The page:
Recovery position

Adam Brandon reports on the story of a footballer whose career, and life, was suddenly put in jeopardy

Just over a year ago Paraguayan striker Salvador Cabañas had been enjoying life as “King of América”, the title bestowed on him by fans of his club in Mexico City for whom he had scored 66 goals in 115 games. Then he was shot in the head in the toilet of a bar where he had gone drinking with his wife and his life turned upside down.

Cabañas is not a footballer who was well known outside of Latin America, as he never made a move to Europe, despite interest from Sunderland. Steve Bruce said just two weeks before the attack: “I’ve monitored Cabañas. He is a fantastic player, whether it’s possible, I’m not quite sure.” Cabañas’ agent also confirmed Sunderland’s initial approach.

After a steady start to his career in Paraguay, Cabañas’ reputation really grew when he had a prolific season with Audax Italiano in the Chilean Primera Division in 2003. That earned him a big money move to Mexico, first with Jaguares de Chiapas then to one of the country’s top sides, Club América. He was a hero at home too, having been top scorer for Paraguay in their qualification for the 2010 World Cup. When the news of his shooting came though, thousands gathered in the national stadium to hold a vigil. After 30 days he regained consciousness and was able to talk, although he remembers nothing of the actual incident.

Cabañas’ wife Maria Alonso subsequently came in for criticism in Paraguay for asking the government to grant them a welfare pension, something usually only reserved for the very poorest citizens. She has now rejected the offer from the government, however, and says she simply wants justice for her husband.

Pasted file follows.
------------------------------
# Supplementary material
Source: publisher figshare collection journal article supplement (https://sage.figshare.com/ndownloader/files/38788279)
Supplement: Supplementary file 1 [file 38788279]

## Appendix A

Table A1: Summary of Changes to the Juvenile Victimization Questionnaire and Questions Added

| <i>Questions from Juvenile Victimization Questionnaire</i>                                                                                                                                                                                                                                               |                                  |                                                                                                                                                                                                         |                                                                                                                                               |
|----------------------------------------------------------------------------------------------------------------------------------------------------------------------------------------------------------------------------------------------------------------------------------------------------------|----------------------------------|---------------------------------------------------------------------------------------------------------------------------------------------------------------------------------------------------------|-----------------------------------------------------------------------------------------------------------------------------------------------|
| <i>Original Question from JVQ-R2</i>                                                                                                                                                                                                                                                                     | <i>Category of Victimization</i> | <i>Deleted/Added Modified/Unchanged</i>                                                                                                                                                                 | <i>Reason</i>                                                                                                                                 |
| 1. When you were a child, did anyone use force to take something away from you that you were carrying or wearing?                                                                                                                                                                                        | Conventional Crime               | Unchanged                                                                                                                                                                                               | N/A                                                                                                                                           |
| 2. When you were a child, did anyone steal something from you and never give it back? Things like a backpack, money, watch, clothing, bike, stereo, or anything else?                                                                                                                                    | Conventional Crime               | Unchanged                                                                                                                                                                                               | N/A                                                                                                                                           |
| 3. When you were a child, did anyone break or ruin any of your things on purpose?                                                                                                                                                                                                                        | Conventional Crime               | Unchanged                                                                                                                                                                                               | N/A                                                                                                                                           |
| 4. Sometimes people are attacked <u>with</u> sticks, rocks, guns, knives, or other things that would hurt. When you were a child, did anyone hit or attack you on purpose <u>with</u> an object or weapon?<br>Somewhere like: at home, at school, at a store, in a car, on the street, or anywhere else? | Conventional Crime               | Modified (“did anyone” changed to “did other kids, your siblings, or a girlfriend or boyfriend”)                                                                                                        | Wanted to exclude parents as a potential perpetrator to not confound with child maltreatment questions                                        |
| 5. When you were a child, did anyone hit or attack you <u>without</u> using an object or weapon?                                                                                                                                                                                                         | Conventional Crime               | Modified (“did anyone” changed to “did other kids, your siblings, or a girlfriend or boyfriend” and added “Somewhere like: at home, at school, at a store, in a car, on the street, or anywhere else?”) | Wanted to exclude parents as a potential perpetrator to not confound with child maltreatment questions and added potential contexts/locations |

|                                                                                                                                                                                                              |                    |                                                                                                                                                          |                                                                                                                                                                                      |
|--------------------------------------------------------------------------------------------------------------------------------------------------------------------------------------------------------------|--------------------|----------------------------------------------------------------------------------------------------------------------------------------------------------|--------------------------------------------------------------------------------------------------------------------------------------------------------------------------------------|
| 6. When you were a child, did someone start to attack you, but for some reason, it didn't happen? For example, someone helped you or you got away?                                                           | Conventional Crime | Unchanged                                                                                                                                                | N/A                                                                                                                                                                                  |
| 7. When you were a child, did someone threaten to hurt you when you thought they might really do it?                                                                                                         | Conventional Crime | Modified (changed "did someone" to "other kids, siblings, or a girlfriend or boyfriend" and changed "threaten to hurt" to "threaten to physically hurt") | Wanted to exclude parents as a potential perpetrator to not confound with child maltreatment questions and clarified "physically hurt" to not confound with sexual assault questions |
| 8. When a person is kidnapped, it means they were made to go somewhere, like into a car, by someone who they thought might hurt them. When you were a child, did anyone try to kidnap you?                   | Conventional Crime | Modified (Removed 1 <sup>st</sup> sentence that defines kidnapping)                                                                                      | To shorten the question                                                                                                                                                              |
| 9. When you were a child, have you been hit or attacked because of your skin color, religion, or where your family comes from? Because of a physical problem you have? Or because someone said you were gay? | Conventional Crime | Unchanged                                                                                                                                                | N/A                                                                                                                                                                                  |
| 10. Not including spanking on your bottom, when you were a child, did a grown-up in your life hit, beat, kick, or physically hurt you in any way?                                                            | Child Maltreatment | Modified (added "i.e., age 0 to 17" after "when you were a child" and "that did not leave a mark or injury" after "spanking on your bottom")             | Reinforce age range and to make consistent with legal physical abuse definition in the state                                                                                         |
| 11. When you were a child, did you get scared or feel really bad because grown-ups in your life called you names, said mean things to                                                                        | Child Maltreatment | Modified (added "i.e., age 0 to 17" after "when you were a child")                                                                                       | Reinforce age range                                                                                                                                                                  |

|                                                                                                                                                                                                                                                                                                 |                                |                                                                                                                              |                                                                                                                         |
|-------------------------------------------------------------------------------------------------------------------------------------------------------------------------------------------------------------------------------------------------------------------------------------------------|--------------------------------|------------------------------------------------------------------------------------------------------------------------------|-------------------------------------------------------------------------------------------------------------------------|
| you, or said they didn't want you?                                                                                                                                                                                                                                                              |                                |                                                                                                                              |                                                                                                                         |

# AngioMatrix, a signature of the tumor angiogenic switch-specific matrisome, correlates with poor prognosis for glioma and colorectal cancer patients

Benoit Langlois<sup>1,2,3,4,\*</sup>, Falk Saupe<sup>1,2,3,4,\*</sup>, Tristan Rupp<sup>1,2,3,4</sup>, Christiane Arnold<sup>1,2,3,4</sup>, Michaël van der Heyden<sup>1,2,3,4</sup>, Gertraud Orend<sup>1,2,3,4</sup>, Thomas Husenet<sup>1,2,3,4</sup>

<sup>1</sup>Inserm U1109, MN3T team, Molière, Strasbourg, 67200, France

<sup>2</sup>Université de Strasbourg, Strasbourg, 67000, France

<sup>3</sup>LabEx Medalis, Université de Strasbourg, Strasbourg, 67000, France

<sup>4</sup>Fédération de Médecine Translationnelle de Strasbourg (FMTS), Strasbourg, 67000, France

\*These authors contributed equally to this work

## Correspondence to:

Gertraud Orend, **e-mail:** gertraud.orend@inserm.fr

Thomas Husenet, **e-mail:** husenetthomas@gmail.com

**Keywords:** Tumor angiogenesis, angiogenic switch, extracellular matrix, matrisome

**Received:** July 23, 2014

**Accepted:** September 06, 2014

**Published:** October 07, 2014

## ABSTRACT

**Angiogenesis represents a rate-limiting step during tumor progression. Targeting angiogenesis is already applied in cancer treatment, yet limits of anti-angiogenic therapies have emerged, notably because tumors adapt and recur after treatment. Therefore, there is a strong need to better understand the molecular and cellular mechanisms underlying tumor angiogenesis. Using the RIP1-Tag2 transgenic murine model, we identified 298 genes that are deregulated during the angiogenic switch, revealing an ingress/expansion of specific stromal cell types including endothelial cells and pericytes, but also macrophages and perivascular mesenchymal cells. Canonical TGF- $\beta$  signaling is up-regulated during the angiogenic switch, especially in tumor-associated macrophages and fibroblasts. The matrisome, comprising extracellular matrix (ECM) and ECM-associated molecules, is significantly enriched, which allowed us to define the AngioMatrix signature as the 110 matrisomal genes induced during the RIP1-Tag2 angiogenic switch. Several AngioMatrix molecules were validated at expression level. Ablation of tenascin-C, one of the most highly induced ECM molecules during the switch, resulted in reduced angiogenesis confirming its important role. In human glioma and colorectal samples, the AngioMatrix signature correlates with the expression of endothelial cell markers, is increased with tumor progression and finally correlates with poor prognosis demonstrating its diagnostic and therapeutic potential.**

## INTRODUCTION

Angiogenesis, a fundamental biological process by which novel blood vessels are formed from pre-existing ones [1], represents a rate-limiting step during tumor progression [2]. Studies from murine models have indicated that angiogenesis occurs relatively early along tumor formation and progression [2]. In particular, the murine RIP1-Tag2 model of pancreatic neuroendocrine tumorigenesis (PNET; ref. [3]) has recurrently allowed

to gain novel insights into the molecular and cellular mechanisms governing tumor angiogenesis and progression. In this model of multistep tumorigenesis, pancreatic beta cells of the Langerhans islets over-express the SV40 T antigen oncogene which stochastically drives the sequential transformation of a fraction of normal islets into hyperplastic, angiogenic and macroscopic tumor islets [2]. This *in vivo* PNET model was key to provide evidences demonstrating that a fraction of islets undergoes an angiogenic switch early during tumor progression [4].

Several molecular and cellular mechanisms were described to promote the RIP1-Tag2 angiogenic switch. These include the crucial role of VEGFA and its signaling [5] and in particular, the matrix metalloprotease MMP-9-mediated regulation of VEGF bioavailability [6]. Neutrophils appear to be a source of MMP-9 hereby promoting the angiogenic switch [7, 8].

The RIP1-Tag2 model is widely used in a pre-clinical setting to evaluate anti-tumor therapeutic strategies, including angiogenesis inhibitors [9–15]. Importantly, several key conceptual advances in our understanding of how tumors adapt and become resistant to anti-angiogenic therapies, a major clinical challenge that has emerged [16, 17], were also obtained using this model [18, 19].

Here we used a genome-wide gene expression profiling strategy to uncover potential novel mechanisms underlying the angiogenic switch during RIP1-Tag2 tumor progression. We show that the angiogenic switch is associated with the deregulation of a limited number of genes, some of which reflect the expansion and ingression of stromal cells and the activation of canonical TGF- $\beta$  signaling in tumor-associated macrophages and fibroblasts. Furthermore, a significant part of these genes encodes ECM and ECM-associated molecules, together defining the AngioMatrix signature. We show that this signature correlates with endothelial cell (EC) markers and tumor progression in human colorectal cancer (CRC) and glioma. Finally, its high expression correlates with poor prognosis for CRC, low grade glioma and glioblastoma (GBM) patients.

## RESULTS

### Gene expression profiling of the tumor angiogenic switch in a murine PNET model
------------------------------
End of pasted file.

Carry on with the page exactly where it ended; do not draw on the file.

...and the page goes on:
Although Club América have now agreed to pay some of Cabañas’ outstanding wages, it is said to be a lot less than he is owed and his outstanding tax bill has left him on the verge of bankruptcy. He is now suing his former agent, José María González, for fraud and failure to notify him of his tax issues – and is being countersued by González for 
these claims.

The man at the centre of investigations into the shooting is José Jorge Balderas Garza, known as “JJ”. Having been in hiding since the incident, he was arrested recently along with six associates with the help of Facebook – a location update posted by his Colombian model girlfriend alerted Mexican police to his whereabouts.

JJ is an alleged lieutenant of one of Mexico’s most notorious drug traffickers Edgar Valdez Villarreal, known as “La Barbie”, who was rounded up by police late last year. Various rumours are circulating about why Cabañas may have been attacked, though one witness says the pair were arguing about football and the player’s contribution to Club América.

JJ claims was Cabañas acting violently that night but has blamed the shooting on his bodyguard (whom he has now said should be killed for his “betrayal”). Cabañas needs to go back to Mexico to give evidence at JJ’s trial but there is an arrest warrant out for him too – over taxes unpaid since 2007. Yet Cabañas still holds hope of a return to football and to Club América, saying recently: “If I return, I’ll be there to score goals.” If that did happen then a miracle would be complete.

From WSC 289 March 2011